First off: “IRL” sound is important to judge directions - you can absolutely hear what direction something is coming from - so simulating that better in a game should help make this game “feel” more realistic, and better. On the technical side, sound transport and light transport are - conceptually - actually very similar; though there’s differences in “how” things reflect you still need frequent “line of sight” computations, which are exactly what ray tracing does - so yes, having fast ray tracing should help in making sound simulation better/more accurate.
Eric notes two things: VRWorks - Audio | NVIDIA Developer is from NVIDIA and may be just what the poster wants. For more on research in the area, a good place to start might be “Guided Multiview Ray Tracing for Fast Auralization” by Micah Taylor, Anish Chandak, Qi Mo, Christian Lauterbach, Carl Schissler, and Dinesh Manocha, 2012
Response from Tony Scudiero:
There’s a good history of ray tracing in audio: there are a number of commercial products that use ray methods for generating synthetic room impulse response filters. RTX technology is actually very good for acoustic simulations, as the material interactions of sounds are usually modeled at a coarser granularity than interactions of material and light. Acoustic simulations tend to have simple shaders, making their performance fundamentally a function of ray-scene queries, which RTX accelerates quite well!
One of the fundamental challenges of ray tracing acoustic energy is that the wavelengths in question are about 1 million times longer than visible light. Wavelengths can be on the order of a meter, which is the same order of magnitude as many objects. The consequence is that many effects must be treated over a cross-sectional area of the wavefront: the interaction of sound energy with a surface cannot be accurately modeled only at an infinitesimal point. That said, there has been some research on how these effects can be treated using ray tracing techniques. The ‘right’ approach usually depends on your goals: accuracy or speed.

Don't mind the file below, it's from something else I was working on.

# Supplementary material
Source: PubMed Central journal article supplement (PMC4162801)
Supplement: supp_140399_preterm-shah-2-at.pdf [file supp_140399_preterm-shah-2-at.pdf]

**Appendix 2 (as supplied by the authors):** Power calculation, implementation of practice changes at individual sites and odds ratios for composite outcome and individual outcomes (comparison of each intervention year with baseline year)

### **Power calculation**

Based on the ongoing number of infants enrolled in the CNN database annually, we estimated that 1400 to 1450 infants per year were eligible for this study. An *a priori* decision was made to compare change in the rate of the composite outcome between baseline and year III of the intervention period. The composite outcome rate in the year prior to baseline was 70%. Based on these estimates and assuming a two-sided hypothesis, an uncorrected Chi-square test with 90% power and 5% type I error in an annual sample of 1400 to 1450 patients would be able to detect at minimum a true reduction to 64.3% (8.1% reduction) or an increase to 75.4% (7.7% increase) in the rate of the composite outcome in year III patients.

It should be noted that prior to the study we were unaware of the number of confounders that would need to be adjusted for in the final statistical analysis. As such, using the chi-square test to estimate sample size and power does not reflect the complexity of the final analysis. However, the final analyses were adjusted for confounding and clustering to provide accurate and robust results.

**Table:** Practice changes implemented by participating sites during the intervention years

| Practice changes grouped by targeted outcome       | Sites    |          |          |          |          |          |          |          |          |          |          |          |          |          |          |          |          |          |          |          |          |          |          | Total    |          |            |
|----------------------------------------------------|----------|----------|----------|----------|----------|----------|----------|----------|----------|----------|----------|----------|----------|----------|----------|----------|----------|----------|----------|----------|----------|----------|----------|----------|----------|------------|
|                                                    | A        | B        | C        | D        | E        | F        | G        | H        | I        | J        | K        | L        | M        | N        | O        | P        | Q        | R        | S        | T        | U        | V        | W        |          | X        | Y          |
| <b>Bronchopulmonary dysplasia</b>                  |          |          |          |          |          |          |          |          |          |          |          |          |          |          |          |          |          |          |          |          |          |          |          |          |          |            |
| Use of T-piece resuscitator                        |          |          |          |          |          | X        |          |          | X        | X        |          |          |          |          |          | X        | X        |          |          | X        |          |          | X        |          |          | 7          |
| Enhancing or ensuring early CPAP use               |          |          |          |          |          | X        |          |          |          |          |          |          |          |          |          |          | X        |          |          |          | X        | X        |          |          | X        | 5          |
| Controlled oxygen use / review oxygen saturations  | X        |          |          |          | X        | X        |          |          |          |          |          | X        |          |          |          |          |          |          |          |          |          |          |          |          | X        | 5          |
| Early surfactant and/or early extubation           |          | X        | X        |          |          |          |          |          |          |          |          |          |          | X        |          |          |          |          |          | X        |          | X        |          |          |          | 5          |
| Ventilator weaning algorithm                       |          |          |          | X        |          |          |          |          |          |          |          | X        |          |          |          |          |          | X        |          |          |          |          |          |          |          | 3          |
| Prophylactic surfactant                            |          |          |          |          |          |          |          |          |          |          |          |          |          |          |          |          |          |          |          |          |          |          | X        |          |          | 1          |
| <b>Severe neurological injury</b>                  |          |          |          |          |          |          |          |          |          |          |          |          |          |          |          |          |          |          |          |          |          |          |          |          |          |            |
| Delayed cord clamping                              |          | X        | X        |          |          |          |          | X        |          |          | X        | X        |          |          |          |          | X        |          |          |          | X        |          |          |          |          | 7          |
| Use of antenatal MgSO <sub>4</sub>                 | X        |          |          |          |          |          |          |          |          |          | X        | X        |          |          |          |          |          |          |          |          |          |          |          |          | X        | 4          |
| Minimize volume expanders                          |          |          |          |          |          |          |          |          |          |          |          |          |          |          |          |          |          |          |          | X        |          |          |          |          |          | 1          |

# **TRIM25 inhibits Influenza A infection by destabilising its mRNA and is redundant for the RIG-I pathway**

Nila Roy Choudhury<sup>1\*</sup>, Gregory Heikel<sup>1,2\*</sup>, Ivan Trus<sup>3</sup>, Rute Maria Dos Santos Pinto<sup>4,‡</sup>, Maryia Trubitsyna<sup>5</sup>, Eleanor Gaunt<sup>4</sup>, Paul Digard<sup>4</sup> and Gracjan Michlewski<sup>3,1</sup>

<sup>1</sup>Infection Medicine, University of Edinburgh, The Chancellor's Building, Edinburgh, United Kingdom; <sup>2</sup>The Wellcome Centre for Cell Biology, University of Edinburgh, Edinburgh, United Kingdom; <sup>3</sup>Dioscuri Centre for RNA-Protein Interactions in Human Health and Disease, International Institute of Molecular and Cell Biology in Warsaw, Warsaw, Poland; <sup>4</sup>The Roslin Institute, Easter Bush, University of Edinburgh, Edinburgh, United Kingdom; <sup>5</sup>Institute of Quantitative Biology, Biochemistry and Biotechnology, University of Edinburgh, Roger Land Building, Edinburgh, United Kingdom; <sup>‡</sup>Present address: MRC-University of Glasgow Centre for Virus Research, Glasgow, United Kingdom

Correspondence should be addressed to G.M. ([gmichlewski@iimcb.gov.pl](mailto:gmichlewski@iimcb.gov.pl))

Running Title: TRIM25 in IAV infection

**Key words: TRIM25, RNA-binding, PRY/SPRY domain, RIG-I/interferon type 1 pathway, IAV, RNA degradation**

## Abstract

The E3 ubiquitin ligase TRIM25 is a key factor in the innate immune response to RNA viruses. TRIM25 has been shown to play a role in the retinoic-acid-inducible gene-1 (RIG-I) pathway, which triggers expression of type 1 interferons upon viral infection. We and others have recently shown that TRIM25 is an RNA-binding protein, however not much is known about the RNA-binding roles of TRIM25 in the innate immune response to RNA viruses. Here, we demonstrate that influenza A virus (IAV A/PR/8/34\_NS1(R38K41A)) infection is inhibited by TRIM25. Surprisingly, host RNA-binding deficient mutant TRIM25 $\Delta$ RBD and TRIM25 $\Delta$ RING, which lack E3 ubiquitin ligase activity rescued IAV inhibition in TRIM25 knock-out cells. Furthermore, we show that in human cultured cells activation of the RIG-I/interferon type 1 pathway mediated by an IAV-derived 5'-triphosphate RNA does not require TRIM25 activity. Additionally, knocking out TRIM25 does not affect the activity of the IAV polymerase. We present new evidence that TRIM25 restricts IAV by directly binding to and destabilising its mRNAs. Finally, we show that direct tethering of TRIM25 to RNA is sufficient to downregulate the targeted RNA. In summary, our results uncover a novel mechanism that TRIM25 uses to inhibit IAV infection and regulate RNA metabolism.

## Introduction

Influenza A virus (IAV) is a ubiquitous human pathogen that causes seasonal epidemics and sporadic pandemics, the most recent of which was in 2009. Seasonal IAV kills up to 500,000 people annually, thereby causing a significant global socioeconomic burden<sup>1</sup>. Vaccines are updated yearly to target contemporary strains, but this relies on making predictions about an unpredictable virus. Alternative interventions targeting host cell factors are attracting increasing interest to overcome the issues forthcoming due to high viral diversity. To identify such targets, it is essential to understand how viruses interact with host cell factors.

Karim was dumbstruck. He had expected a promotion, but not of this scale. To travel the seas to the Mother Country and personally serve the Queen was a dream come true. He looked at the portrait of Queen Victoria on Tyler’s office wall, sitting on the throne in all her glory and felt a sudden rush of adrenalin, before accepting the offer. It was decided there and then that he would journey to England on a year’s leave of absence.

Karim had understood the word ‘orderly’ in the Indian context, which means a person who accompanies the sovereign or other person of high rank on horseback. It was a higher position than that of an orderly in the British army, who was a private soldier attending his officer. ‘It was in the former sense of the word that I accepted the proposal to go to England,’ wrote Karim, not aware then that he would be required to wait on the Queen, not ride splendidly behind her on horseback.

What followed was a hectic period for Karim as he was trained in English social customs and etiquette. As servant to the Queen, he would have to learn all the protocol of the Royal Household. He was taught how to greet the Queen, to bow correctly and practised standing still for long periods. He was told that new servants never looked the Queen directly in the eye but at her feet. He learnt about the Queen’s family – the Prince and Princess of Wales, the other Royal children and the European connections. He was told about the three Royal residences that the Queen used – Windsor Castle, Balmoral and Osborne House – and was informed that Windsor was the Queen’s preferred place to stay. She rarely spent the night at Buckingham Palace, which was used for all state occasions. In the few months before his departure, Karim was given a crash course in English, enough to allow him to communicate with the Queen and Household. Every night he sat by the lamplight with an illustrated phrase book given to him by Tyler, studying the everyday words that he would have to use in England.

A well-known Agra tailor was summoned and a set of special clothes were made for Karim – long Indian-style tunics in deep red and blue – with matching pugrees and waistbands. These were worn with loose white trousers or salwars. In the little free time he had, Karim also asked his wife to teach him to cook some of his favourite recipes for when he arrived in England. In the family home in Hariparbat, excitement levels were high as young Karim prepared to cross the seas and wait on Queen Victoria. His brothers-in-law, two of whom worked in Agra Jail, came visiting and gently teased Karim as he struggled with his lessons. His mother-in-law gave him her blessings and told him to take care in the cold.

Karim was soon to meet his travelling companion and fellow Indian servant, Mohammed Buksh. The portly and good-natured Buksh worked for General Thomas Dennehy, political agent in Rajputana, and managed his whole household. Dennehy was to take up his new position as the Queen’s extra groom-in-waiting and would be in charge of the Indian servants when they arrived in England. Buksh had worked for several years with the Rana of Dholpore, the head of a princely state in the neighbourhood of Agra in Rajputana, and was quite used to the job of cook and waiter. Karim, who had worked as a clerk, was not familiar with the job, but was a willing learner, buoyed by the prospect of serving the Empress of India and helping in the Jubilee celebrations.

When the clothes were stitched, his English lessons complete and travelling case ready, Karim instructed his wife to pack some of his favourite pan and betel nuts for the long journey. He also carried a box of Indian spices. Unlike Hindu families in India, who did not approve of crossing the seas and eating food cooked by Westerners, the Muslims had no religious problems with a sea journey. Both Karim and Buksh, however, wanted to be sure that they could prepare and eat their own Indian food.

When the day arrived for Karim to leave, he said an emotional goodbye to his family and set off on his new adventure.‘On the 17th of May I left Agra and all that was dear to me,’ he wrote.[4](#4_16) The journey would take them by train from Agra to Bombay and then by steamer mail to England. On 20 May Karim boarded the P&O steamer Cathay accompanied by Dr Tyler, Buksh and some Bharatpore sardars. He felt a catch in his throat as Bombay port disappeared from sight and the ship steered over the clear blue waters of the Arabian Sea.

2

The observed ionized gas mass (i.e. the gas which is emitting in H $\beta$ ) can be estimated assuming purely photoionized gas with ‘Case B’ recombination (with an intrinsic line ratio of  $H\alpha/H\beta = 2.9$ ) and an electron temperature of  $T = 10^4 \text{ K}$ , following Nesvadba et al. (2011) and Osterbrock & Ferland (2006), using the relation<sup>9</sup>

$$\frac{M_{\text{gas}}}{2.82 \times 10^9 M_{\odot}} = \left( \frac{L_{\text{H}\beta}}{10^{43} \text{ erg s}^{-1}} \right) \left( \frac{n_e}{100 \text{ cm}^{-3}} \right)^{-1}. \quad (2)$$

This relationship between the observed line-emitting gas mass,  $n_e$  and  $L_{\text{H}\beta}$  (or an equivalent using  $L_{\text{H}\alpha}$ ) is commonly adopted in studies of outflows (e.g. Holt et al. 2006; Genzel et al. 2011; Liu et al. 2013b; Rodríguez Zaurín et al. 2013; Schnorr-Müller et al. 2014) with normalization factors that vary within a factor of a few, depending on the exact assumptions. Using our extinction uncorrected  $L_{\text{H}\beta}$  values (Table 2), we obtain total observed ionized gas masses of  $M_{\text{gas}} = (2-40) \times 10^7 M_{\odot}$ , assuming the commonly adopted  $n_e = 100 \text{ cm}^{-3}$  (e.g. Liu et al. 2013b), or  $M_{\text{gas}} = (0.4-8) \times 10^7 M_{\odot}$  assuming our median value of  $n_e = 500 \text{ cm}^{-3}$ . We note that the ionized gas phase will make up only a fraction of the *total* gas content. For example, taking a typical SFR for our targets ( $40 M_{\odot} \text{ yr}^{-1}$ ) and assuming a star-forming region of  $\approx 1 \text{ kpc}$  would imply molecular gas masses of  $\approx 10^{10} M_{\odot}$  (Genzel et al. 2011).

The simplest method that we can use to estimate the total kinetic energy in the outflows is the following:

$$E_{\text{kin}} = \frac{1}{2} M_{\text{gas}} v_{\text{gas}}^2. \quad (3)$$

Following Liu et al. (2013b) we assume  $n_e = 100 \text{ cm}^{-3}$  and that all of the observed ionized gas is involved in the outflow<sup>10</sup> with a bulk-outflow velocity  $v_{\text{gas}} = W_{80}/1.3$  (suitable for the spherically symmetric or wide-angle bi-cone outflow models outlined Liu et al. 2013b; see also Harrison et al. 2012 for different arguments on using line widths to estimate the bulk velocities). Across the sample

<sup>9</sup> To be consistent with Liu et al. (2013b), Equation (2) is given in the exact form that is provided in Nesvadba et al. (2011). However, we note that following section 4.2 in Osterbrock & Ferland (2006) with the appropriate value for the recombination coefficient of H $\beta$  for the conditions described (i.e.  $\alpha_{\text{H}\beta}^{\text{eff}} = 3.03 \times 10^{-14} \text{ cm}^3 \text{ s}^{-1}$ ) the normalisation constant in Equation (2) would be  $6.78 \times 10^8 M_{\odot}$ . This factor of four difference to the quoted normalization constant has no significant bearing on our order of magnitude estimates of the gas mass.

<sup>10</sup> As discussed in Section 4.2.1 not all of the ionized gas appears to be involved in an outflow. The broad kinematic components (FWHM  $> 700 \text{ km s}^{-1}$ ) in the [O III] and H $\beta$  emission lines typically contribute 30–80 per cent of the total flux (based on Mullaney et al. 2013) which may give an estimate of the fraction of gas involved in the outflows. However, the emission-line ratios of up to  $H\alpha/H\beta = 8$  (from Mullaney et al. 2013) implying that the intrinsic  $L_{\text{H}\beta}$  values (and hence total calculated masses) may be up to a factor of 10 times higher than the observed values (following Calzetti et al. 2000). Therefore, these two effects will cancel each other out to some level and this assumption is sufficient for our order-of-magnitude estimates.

From a technological perspective, there’s absolutely nothing standing in the way of writing a real-time acoustics simulation using ray tracing graphics APIs like DXR or VkRay to do sound propagation simulation in tandem with ray tracing graphics. The available ray-tracing power of current-generation GPUs should be able to handle a moderately complex acoustic simulation in tandem with graphics. Depending on how the graphics rendering engine is designed, primary rays could be used for both purposes, further economizing the simulation. While this is perfectly possible, I’m not aware of anyone that has actually done this in one of the graphics APIs.
NVIDIA’s VRWorks Audio, which is a relatively simple acoustics simulation intended for interactive experiences, uses OptiX. Version 2.0 of that SDK can make use of RTX hardware when available.